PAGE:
NAIROBI, Kenya (TheBlaze/AP) — A suspect in last week’s savage killing of a British soldier on a London street was arrested in Kenya in 2010 while apparently preparing to train and fight with al-Qaida-linked Somali militants, an anti-terrorism police official said Sunday.
Michael Adebolajo was then handed over to British authorities in the East African country, another Kenyan official said.
The information surfaced as London’s Metropolitan Police said specialist firearms officers arrested another man suspected of conspiring to murder 25-year-old soldier Lee Rigby. Police did not provide details about the suspect, only saying he is 22 years old.
The latest arrest followed the detainment in London late Saturday of three others, aged 21 to 28, also suspected in the case.
Rigby, who has served in Afghanistan, was run over and stabbed with knives in the Woolwich area in southeast London on Wednesday afternoon as he was walking near his barracks.
Shortly after Rigby’s murder, an armed and blood-stained Adebolajo was caught on camera saying: “You people will never be safe.”
Adebolajo, 28, and Michael Adebowale, 22, are the main suspects in the killing and remained under armed guard in separate London hospitals after police shot them at the scene.
Adebolajo and Adebowale allegedly tried to decapitate Rigby while chanting “Allah Akbar!” (“God is great”) and yelling “this is what God would have wanted.”
In 2010, Adebolajo was arrested with five others near Kenya’s border with Somalia, Kenya’s anti-terrorism police unit head Boniface Mwaniki told The Associated Press. Police believed Adebolajo was going to work with Somali militant group al-Shabab.
Mwaniki said that Adebolajo was deported after his arrest in 2010. Kenya’s government spokesman said he was arrested under a different name, and taken to court before being handed to British authorities.
“Kenya’s government arrested Michael Olemindis Ndemolajo. We handed him to British security agents in Kenya and he seems to have found his way to London and mutated to Michael Adebolajo,” spokesman Muthui Kariuki said. “The Kenyan government cannot be held responsible for what happened to him after we handed him to British authorities.”
Kariuki said Adebolajo was traveling on a British passport, but he could not confirm if it was authentic.
When asked whether British security agents and embassy officials handled Adebolajo in Kenya, a Foreign Office spokeswoman declined to comment, only saying in a statement: “We can confirm a British national was arrested in Kenya in 2010. The Foreign and Commonwealth Office provided consular assistance as normal for British nationals.”
Rigby’s grieving family visited the scene of his murder on Sunday, pausing for a few moments in reflection and laying flowers to join the hundreds of floral tributes already left at the nearby Woolwich Barracks by wellwishers.
Muslim leaders have identified the man in the video as Adebolajo, an Islam convert who allegedly used to take part in London demonstrations organized by British radical group al-Muhajiroun. The group catapulted to notoriety after the Sept. 11 attacks by organizing an event to celebrate the airplane hijackers, and was banned in Britain in 2010.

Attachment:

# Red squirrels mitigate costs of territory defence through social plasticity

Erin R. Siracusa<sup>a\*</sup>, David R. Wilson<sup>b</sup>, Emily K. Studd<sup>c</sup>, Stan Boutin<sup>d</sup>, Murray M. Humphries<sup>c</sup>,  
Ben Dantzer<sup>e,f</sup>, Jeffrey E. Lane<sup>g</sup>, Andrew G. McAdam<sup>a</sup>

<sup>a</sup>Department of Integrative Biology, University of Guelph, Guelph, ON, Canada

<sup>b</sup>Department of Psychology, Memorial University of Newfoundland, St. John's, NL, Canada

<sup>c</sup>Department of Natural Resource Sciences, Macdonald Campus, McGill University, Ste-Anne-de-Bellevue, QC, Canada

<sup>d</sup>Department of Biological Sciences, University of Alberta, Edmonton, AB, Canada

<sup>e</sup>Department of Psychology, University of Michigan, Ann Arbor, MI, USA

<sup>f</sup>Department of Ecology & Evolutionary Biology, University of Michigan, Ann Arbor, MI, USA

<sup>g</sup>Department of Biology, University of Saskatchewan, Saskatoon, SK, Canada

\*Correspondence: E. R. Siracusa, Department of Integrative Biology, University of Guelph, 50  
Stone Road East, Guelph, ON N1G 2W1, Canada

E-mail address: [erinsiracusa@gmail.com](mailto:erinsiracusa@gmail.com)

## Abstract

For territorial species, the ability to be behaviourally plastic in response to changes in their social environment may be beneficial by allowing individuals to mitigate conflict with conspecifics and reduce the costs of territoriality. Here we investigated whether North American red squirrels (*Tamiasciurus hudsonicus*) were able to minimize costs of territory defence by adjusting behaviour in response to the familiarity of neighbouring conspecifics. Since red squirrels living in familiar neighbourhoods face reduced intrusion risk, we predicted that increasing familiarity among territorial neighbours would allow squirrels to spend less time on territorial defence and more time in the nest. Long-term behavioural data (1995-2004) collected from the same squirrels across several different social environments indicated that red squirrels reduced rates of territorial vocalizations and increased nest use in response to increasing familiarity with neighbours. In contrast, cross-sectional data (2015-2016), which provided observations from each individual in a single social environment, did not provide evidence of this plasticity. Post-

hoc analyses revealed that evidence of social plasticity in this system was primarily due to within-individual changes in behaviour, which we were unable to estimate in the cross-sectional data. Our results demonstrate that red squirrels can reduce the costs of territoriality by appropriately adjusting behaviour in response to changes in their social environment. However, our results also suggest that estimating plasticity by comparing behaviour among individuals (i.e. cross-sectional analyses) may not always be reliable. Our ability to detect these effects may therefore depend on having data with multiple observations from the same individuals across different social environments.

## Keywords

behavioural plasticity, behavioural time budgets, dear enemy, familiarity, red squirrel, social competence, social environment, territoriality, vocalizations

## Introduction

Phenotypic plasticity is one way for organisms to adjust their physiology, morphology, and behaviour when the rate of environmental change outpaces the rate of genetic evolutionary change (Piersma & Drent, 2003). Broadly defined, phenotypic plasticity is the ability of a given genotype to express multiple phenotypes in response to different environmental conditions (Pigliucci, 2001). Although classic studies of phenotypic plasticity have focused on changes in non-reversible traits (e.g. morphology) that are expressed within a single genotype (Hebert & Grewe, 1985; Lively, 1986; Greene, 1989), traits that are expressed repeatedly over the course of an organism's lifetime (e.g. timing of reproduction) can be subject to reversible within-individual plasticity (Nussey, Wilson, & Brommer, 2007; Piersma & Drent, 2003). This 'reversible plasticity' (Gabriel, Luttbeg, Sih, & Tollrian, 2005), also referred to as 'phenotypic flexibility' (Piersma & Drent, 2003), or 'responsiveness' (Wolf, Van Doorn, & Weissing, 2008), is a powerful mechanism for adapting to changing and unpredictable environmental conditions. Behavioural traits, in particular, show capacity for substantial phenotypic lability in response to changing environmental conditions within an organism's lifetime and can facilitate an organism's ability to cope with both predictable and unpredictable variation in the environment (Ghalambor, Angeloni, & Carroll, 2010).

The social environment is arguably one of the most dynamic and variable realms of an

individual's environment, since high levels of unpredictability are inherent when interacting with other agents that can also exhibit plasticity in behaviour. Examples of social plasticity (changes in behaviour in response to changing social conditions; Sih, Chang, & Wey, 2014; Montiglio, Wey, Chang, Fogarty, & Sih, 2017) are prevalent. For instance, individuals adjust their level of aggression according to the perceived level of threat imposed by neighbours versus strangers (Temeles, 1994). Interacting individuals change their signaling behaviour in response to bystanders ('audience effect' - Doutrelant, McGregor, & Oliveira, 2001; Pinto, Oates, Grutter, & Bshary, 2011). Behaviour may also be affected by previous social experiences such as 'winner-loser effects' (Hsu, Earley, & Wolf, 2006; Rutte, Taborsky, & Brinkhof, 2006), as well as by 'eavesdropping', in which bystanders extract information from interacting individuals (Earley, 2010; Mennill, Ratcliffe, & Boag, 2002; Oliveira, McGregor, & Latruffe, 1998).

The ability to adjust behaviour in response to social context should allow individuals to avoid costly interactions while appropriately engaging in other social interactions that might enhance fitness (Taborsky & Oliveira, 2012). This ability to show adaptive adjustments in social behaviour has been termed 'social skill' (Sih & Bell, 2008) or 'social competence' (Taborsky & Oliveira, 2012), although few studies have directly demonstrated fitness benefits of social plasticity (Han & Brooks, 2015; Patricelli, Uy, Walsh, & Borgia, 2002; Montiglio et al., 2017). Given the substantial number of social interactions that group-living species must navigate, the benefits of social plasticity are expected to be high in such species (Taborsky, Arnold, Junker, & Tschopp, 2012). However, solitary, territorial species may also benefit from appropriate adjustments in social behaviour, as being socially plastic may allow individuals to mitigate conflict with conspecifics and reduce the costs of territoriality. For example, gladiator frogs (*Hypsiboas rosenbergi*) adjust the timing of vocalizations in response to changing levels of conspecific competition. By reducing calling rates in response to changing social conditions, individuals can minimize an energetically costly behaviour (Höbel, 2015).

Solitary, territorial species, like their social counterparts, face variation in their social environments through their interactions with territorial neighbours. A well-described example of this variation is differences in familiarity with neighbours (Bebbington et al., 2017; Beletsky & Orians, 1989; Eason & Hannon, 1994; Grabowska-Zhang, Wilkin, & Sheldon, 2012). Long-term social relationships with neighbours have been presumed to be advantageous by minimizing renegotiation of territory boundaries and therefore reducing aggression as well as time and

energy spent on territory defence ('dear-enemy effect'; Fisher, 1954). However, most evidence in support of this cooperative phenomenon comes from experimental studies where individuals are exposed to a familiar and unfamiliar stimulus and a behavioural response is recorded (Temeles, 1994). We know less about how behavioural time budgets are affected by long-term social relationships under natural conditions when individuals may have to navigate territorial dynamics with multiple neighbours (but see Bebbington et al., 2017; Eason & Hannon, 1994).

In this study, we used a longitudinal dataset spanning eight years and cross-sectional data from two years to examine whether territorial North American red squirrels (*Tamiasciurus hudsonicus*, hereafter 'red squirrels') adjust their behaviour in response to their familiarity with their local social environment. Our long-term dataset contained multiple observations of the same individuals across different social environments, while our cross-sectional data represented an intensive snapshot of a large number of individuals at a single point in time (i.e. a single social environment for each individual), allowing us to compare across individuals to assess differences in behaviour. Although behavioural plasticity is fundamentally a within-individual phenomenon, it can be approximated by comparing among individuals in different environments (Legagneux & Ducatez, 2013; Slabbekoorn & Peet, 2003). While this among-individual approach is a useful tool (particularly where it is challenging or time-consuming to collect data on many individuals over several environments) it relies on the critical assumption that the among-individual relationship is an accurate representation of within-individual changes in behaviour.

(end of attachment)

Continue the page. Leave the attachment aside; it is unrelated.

More than 20 supporters of the group have been arrested over terrorism offenses, including a foiled plot to blow up central London nightclub Ministry of Sound and a bomb attack on London’s Territorial Army base.
Abu Nusaybah, a friend of Adebolajo’s, has asserted in a BBC interview that Adebolajo became withdrawn after he allegedly suffered abuse by Kenyan security forces during interrogation in prison there.
Anti-terrorism head Mwaniki on Sunday rejected those allegations. He said at the time there were no indications of torture or abuse, but that the unit would further investigate.
Mwaniki said dozens of foreign youth are arrested every year attempting to cross the Kenyan border to join al-Shabab, which claims to be fighting a jihad or holy war against the Somali government and African Union forces.
Al-Shabab controlled Mogadishu from roughly 2007 to 2011. The group still dominates most of south central Somalia but has seen its territory reduced after military pushes by African Union and Somali forces.
According to an August U.S. State Department report on terrorism, al-Shabab continues to maintain training camps in southern Somalia for young recruits, including Americans who have traveled there from Somali communities in the United States.
The camps have churned out dozens of radical Islamic bombers who’ve launched attacks in and outside Somalia.
Al-Shabab boasts several hundred foreign fighters, mostly East African nationals and veterans from the Iraqi and Afghanistan wars.
British officials have been on the lookout for security threats originating from Somalia for some years.
In a speech in 2010, Jonathan Evans, then head of Britain’s MI5 domestic security service, warned that “a significant number” of British residents were training in al-Shabab camps to fight in the insurgency there.
“I am concerned that it is only a matter of time before we see terrorism on our streets inspired by those who are today fighting alongside al-Shabab,” he said.
British officials said Sunday they are setting up a new terrorism task force to tackle radical preachers and extremism. Home Secretary Theresa May said the group will look at whether new powers and laws are needed to clamp down on religious leaders and organizations who promote extremist messages and who target potential recruits in British jails, schools and mosques.
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